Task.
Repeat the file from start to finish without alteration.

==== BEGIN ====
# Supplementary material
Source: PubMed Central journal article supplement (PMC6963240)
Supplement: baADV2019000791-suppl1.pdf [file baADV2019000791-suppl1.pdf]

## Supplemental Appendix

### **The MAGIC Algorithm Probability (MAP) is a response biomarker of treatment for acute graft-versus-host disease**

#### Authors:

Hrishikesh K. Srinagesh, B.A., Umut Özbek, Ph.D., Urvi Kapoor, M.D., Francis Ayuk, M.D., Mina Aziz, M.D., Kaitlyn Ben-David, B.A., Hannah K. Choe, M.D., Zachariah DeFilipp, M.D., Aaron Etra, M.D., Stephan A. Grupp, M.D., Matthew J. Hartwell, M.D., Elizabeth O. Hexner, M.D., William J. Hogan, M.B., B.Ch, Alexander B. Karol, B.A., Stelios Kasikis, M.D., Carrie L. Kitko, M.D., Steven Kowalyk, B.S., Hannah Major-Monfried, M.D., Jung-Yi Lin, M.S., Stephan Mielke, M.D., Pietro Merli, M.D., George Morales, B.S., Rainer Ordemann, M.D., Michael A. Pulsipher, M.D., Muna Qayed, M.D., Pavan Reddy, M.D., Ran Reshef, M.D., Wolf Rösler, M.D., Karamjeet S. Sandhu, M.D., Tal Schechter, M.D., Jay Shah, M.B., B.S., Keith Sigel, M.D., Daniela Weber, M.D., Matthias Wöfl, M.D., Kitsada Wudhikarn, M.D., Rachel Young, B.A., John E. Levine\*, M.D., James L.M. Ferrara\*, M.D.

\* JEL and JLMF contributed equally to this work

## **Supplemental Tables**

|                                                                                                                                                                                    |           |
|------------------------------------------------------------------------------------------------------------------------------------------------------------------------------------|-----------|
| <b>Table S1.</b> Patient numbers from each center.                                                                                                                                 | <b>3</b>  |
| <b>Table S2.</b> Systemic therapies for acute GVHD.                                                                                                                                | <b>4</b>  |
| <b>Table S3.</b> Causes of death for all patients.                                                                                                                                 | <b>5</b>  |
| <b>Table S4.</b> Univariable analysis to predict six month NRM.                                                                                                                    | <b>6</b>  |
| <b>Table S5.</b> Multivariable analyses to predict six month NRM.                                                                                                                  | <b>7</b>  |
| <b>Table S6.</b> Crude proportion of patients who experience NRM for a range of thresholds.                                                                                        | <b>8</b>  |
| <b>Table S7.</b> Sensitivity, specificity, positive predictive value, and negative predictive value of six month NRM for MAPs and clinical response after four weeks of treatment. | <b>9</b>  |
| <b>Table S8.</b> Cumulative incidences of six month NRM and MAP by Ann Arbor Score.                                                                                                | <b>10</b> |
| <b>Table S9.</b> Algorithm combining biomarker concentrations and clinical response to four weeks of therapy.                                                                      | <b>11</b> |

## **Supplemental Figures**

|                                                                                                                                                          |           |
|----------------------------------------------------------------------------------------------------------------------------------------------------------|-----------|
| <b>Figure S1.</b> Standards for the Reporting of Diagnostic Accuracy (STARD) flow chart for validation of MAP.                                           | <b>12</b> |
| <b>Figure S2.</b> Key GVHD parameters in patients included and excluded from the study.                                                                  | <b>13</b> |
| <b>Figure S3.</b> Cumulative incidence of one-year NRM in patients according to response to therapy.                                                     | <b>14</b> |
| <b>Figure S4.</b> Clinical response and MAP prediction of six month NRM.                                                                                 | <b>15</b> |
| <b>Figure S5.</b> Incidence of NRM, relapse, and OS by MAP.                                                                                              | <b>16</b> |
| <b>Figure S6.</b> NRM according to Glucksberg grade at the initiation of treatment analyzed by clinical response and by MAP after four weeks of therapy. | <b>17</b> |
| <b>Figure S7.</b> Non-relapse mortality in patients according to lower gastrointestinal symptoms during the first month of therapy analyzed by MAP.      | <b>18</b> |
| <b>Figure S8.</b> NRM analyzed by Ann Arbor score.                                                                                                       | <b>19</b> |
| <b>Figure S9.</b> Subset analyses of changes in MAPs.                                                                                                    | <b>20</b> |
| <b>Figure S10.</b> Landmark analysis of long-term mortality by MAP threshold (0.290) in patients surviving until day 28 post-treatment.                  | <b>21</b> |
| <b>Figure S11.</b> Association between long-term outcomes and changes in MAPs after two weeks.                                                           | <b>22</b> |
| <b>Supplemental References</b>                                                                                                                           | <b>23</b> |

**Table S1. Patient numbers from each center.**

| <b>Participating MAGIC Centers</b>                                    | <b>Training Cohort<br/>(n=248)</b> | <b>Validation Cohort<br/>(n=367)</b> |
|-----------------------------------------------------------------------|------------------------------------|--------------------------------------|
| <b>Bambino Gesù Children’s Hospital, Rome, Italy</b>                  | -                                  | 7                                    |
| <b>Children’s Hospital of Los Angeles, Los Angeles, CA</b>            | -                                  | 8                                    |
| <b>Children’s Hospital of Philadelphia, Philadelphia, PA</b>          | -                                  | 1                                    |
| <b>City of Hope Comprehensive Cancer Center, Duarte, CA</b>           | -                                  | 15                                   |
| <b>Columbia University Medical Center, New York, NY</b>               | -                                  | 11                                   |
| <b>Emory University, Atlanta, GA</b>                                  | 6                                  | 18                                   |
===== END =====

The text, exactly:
# Supplementary material
Source: PubMed Central journal article supplement (PMC6963240)
Supplement: baADV2019000791-suppl1.pdf [file baADV2019000791-suppl1.pdf]

## Supplemental Appendix

### **The MAGIC Algorithm Probability (MAP) is a response biomarker of treatment for acute graft-versus-host disease**

#### Authors:

Hrishikesh K. Srinagesh, B.A., Umut Özbek, Ph.D., Urvi Kapoor, M.D., Francis Ayuk, M.D., Mina Aziz, M.D., Kaitlyn Ben-David, B.A., Hannah K. Choe, M.D., Zachariah DeFilipp, M.D., Aaron Etra, M.D., Stephan A. Grupp, M.D., Matthew J. Hartwell, M.D., Elizabeth O. Hexner, M.D., William J. Hogan, M.B., B.Ch, Alexander B. Karol, B.A., Stelios Kasikis, M.D., Carrie L. Kitko, M.D., Steven Kowalyk, B.S., Hannah Major-Monfried, M.D., Jung-Yi Lin, M.S., Stephan Mielke, M.D., Pietro Merli, M.D., George Morales, B.S., Rainer Ordemann, M.D., Michael A. Pulsipher, M.D., Muna Qayed, M.D., Pavan Reddy, M.D., Ran Reshef, M.D., Wolf Rösler, M.D., Karamjeet S. Sandhu, M.D., Tal Schechter, M.D., Jay Shah, M.B., B.S., Keith Sigel, M.D., Daniela Weber, M.D., Matthias Wöfl, M.D., Kitsada Wudhikarn, M.D., Rachel Young, B.A., John E. Levine\*, M.D., James L.M. Ferrara\*, M.D.

\* JEL and JLMF contributed equally to this work

## **Supplemental Tables**

|                                                                                                                                                                                    |           |
|------------------------------------------------------------------------------------------------------------------------------------------------------------------------------------|-----------|
| <b>Table S1.</b> Patient numbers from each center.                                                                                                                                 | <b>3</b>  |
| <b>Table S2.</b> Systemic therapies for acute GVHD.                                                                                                                                | <b>4</b>  |
| <b>Table S3.</b> Causes of death for all patients.                                                                                                                                 | <b>5</b>  |
| <b>Table S4.</b> Univariable analysis to predict six month NRM.                                                                                                                    | <b>6</b>  |
| <b>Table S5.</b> Multivariable analyses to predict six month NRM.                                                                                                                  | <b>7</b>  |
| <b>Table S6.</b> Crude proportion of patients who experience NRM for a range of thresholds.                                                                                        | <b>8</b>  |
| <b>Table S7.</b> Sensitivity, specificity, positive predictive value, and negative predictive value of six month NRM for MAPs and clinical response after four weeks of treatment. | <b>9</b>  |
| <b>Table S8.</b> Cumulative incidences of six month NRM and MAP by Ann Arbor Score.                                                                                                | <b>10</b> |
| <b>Table S9.</b> Algorithm combining biomarker concentrations and clinical response to four weeks of therapy.                                                                      | <b>11</b> |

## **Supplemental Figures**

|                                                                                                                                                          |           |
|----------------------------------------------------------------------------------------------------------------------------------------------------------|-----------|
| <b>Figure S1.</b> Standards for the Reporting of Diagnostic Accuracy (STARD) flow chart for validation of MAP.                                           | <b>12</b> |
| <b>Figure S2.</b> Key GVHD parameters in patients included and excluded from the study.                                                                  | <b>13</b> |
| <b>Figure S3.</b> Cumulative incidence of one-year NRM in patients according to response to therapy.                                                     | <b>14</b> |
| <b>Figure S4.</b> Clinical response and MAP prediction of six month NRM.                                                                                 | <b>15</b> |
| <b>Figure S5.</b> Incidence of NRM, relapse, and OS by MAP.                                                                                              | <b>16</b> |
| <b>Figure S6.</b> NRM according to Glucksberg grade at the initiation of treatment analyzed by clinical response and by MAP after four weeks of therapy. | <b>17</b> |
| <b>Figure S7.</b> Non-relapse mortality in patients according to lower gastrointestinal symptoms during the first month of therapy analyzed by MAP.      | <b>18</b> |
| <b>Figure S8.</b> NRM analyzed by Ann Arbor score.                                                                                                       | <b>19</b> |
| <b>Figure S9.</b> Subset analyses of changes in MAPs.                                                                                                    | <b>20</b> |
| <b>Figure S10.</b> Landmark analysis of long-term mortality by MAP threshold (0.290) in patients surviving until day 28 post-treatment.                  | <b>21</b> |
| <b>Figure S11.</b> Association between long-term outcomes and changes in MAPs after two weeks.                                                           | <b>22</b> |
| <b>Supplemental References</b>                                                                                                                           | <b>23</b> |

**Table S1. Patient numbers from each center.**

| <b>Participating MAGIC Centers</b>                                    | <b>Training Cohort<br/>(n=248)</b> | <b>Validation Cohort<br/>(n=367)</b> |
|-----------------------------------------------------------------------|------------------------------------|--------------------------------------|
| <b>Bambino Gesù Children’s Hospital, Rome, Italy</b>                  | -                                  | 7                                    |
| <b>Children’s Hospital of Los Angeles, Los Angeles, CA</b>            | -                                  | 8                                    |
| <b>Children’s Hospital of Philadelphia, Philadelphia, PA</b>          | -                                  | 1                                    |
| <b>City of Hope Comprehensive Cancer Center, Duarte, CA</b>           | -                                  | 15                                   |
| <b>Columbia University Medical Center, New York, NY</b>               | -                                  | 11                                   |
| <b>Emory University, Atlanta, GA</b>                                  | 6                                  | 18                                   |